All that said, this is still a Souls game (originally) designed by FromSoftware, so even the worst of them is still very, very good. This remake of it is very, very good. It looks absolutely stunning, and the fact that it’s a graphical showpiece for the PlayStation 5 without making use of any ray-tracing speaks volumes to the quality of its artistry. I never played Bluepoint’s previous remake of Shadow of the Colossus, but this is certainly their best work yet, and I’m excited to see what they do next, whether it be another reimagining of a beloved game or something of their own.


You can pet the dog(s?).

Supergiant Games’ latest is one of the best rogue-likes on the market. Not only because the gameplay is superb, but because they’re pretty much the only studio that has managed the inclusion of a fleshed-out story into this genre and have it fit and make sense. And there’s so much story here! Every time you die and are returned to the hub at the beginning, you’re treated to a bunch of great dialogue from a bunch of great characters and, in the roughly 30 hours or so of playtime I have, have not once heard any repeated lines.

The rogue-like gameplay itself is also super satisfying, the studio’s penchant for great-feeling combat is still there, and the best it’s ever been. The healthy selection of weapons you can pick to make a run with, coupled with the plethora of boons (upgrades, effects, modifiers, and the like) you pick up along the way can make for a staggering variety of possible builds. One of my favourite runs had me getting upgrades that gave me more dashes, and those dashes would also damage enemies and knock them back, and enemies being knocked back would also take damage, and well as getting hit by a status effect, and a few other effects. The end result being that I could just enter a chamber and mash X to dash around like a madman, never even swinging whatever weapon I had, and everything would die. You can stumble into some really cool builds.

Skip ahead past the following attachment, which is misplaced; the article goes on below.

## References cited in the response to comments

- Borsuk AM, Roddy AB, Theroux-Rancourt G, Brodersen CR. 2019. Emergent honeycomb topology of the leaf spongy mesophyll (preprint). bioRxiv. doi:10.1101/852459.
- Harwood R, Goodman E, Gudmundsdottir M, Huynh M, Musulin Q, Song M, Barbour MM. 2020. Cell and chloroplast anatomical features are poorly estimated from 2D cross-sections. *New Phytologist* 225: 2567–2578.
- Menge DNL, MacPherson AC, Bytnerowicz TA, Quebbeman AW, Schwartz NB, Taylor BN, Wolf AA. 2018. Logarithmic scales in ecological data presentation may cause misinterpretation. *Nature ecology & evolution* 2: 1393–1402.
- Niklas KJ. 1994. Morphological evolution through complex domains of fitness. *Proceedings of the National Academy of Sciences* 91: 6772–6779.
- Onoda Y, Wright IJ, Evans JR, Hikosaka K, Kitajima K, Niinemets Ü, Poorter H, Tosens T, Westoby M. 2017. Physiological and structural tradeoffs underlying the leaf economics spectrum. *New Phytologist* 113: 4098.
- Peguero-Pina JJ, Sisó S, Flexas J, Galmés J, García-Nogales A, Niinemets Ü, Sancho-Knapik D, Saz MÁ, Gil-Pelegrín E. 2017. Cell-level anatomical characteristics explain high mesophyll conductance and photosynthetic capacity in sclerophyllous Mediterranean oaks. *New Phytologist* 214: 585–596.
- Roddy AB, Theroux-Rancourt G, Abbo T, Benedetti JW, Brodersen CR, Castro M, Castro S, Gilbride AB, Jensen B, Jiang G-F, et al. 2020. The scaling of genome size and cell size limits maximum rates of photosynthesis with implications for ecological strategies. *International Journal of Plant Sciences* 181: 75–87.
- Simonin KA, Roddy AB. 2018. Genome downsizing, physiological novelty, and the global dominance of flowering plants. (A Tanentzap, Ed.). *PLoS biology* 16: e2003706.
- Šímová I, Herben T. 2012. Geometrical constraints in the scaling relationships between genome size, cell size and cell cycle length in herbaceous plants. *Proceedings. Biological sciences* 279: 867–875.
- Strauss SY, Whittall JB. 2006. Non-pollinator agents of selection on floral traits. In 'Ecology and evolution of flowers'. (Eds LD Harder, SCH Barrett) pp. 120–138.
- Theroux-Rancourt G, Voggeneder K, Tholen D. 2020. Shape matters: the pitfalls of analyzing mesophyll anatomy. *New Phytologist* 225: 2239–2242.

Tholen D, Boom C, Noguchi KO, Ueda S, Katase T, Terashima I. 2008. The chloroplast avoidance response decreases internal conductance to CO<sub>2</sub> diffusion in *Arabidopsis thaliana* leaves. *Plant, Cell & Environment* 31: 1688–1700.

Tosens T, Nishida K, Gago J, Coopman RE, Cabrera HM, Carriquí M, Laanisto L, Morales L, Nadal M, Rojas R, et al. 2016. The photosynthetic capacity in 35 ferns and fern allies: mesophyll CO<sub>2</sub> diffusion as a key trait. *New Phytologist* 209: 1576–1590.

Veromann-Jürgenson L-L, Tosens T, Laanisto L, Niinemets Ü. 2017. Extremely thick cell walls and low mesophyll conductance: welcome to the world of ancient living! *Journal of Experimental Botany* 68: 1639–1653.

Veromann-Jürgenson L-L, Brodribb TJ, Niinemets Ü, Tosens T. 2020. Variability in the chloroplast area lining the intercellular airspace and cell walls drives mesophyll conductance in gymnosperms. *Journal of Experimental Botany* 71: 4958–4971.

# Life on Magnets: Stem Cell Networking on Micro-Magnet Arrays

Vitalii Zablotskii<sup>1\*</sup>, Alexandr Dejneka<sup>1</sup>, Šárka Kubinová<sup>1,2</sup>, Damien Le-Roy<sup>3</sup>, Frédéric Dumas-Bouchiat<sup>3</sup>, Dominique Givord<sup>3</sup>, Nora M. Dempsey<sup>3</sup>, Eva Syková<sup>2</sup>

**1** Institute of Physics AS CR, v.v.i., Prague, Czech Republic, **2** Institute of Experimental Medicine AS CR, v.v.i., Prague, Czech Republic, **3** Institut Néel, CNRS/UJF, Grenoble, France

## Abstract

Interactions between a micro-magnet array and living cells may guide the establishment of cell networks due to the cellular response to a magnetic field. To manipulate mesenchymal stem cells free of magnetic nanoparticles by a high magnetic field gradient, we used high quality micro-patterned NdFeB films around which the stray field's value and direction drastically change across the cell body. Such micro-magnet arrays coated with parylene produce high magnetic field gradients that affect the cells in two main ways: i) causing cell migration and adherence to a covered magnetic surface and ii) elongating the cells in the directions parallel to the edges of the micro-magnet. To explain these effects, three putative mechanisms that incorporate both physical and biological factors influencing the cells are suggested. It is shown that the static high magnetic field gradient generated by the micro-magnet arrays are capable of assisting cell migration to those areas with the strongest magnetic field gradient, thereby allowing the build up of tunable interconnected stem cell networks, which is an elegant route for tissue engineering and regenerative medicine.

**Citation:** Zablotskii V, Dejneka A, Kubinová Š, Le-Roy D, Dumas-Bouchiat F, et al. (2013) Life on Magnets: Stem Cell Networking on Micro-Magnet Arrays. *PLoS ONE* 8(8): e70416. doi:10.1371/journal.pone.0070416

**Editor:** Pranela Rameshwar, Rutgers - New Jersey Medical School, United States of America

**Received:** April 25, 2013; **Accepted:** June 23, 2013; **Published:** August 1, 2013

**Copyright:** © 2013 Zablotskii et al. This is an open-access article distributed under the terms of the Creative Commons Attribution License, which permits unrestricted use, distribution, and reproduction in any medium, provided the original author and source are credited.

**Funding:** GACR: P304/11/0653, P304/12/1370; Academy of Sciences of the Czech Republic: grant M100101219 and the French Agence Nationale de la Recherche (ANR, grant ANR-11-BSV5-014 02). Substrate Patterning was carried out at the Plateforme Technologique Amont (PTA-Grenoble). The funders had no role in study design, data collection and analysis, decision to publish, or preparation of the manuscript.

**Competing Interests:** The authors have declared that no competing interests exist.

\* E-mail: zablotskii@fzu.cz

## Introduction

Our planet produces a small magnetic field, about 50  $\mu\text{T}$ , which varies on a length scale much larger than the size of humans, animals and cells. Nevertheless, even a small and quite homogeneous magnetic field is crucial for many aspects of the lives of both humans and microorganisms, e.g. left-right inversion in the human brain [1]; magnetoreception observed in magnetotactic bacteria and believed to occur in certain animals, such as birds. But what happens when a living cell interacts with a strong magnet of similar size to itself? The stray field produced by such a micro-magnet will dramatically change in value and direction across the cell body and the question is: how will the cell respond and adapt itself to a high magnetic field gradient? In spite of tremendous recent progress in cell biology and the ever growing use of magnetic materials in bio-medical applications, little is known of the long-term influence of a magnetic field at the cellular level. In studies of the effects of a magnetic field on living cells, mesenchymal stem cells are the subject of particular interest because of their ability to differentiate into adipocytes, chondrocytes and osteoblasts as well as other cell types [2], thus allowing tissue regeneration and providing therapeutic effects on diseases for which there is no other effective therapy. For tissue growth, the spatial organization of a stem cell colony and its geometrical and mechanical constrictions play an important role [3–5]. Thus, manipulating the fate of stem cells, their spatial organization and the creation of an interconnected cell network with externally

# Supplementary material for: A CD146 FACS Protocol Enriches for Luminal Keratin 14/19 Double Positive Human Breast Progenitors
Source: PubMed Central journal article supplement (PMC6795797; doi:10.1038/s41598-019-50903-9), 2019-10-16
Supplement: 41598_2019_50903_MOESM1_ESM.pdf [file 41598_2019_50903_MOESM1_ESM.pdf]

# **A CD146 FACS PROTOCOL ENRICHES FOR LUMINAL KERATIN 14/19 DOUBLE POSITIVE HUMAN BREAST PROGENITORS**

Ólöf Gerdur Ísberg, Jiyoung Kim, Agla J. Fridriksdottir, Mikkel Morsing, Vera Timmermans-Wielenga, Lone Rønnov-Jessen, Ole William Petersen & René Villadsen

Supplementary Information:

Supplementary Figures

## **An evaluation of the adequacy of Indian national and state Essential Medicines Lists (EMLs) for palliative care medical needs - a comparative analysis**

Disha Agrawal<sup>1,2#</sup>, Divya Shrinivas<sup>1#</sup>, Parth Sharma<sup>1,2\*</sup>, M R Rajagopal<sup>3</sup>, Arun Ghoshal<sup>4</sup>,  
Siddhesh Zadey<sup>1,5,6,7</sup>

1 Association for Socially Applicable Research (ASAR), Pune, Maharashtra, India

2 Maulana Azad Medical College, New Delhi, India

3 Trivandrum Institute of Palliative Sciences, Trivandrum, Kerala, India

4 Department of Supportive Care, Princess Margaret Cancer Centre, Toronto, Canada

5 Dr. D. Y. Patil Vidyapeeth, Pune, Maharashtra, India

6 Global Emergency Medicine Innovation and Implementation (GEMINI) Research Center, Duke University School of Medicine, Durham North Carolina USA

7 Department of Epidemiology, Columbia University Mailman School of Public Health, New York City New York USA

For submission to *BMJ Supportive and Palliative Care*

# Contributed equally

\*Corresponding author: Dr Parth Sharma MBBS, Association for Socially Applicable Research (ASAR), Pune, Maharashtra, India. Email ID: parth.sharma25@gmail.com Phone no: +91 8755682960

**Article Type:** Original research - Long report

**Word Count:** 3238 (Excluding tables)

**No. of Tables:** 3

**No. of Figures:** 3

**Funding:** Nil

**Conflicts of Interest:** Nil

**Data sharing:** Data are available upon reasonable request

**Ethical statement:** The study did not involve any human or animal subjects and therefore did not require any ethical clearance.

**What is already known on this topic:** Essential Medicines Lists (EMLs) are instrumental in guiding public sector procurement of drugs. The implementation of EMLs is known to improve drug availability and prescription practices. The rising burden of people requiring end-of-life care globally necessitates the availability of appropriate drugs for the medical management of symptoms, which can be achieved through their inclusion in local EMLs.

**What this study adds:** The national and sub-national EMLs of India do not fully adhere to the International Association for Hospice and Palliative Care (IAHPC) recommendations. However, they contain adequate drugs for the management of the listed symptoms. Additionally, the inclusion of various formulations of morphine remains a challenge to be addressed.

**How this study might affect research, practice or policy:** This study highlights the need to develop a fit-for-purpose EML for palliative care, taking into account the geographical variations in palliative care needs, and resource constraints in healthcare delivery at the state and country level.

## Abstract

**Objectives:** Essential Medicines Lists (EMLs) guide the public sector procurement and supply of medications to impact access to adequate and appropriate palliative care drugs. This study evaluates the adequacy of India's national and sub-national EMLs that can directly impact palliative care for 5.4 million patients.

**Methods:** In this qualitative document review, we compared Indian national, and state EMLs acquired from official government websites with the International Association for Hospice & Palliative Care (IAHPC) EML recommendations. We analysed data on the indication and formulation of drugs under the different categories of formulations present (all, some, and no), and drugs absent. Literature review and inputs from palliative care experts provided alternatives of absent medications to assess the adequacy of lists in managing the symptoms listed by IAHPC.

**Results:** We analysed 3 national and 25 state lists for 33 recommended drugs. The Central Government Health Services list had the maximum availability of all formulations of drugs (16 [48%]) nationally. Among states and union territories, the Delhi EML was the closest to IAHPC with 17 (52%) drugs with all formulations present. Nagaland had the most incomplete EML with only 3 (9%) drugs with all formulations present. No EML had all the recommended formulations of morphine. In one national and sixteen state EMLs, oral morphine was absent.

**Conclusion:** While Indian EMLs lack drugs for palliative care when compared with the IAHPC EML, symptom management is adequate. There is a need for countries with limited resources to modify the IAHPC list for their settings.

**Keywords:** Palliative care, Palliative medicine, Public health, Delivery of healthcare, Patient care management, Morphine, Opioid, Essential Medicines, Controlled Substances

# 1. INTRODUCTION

I haven’t played as much as I would’ve liked of Hades after it released as 1.0 this year, so I hope to get back to it at some point and see what they’ve added. Probably even more dialogue!

Genshin Impact

I wish I had Qiqi so I could take dumb photos like this.

Genshin is… a weird one to put on a best-of list. It’s definitely a good game, but it’s also a gacha game, and gacha games are inherently predatory, even the good ones. I say this as someone deep into a gacha game, one that I’ve spent money on. Even if a gacha doesn’t really try to monopolise your wallet, it may very well try to monopolise your time, though granted, if you’ve played any MMO, or live-service game from the last half-decade or so, you’ll be familiar with that. Genshin Impact’s gacha is bad. Like, among the worst in the industry bad. Like, 0.6% chance of getting a 5-star character, of which you need multiple dupes to fully upgrade bad. (For reference, the draw-rate for SSRs, the equivalent in Granblue Fantasy is 3%, or 6% on bimonthly gala banners, which are the only ones you’d realistically ever pull on, and the game doesn’t have a mechanic for dupe characters: once you get a character, you’re done.)

Thankfully, you can kind of ignore the gacha aspect of Genshin, and what you’re left with it a pretty polished and enjoyable open-world RPG that takes some superficial influence from Breath of the Wild, but is ultimately its own thing. The open-world here was enjoyable to me for largely the same reason that Zelda’s was, because I generally like exploring for the sake of exploring, and said exploration will almost always reward you with something, even if it’s small. The combat is not particularly deep, but enjoyable, focusing on quickly switching on the fly between a party of four characters, primarily to cast elementally-attuned abilities whenever they’re off cooldown in order to create elemental reactions that result in status effects and/or big damage.

It won’t be to everyone’s taste: it gets very grindy once you get into the endgame, and the insidious gacha aspects will always be there, waiting to snare someone without the impulse control to resist. But if you go in and treat it as a single-player open-world RPG, you can get a lot of polished hours of enjoyment out of Genshin, which for the entry price of free is remarkable.

And so there we have it for the hellyear that was 2020. Let’s see what the next year brings: hopefully some more meaty offerings in the next-gen exclusives department. Not that being able to play PS4 games at their absolute best on PS5 isn’t great, but I’d love for some more killers apps that aren’t just remakes of a game from two generations ago. Hopefully Nintendo will actually put some first-party games of note, and I would love at least of a glimpse of where the FF7 Remake is heading.

Unlike last year, I’ve actually played enough games in 2019 that I can actually put together a full list of ten games for a end-of-year best-of list! Though I still don’t play anywhere near as many new games as I used to, there were still enough great games that I come away fairly happy with how 2019 turned out in terms of games, and that’s without playing a few of the more notable releases. As always, in no particular order, here is the Top 10 Absolutely Completely Fine Games of 2019:

Phoenix Wright: Ace Attorney Trilogy

Presented without context.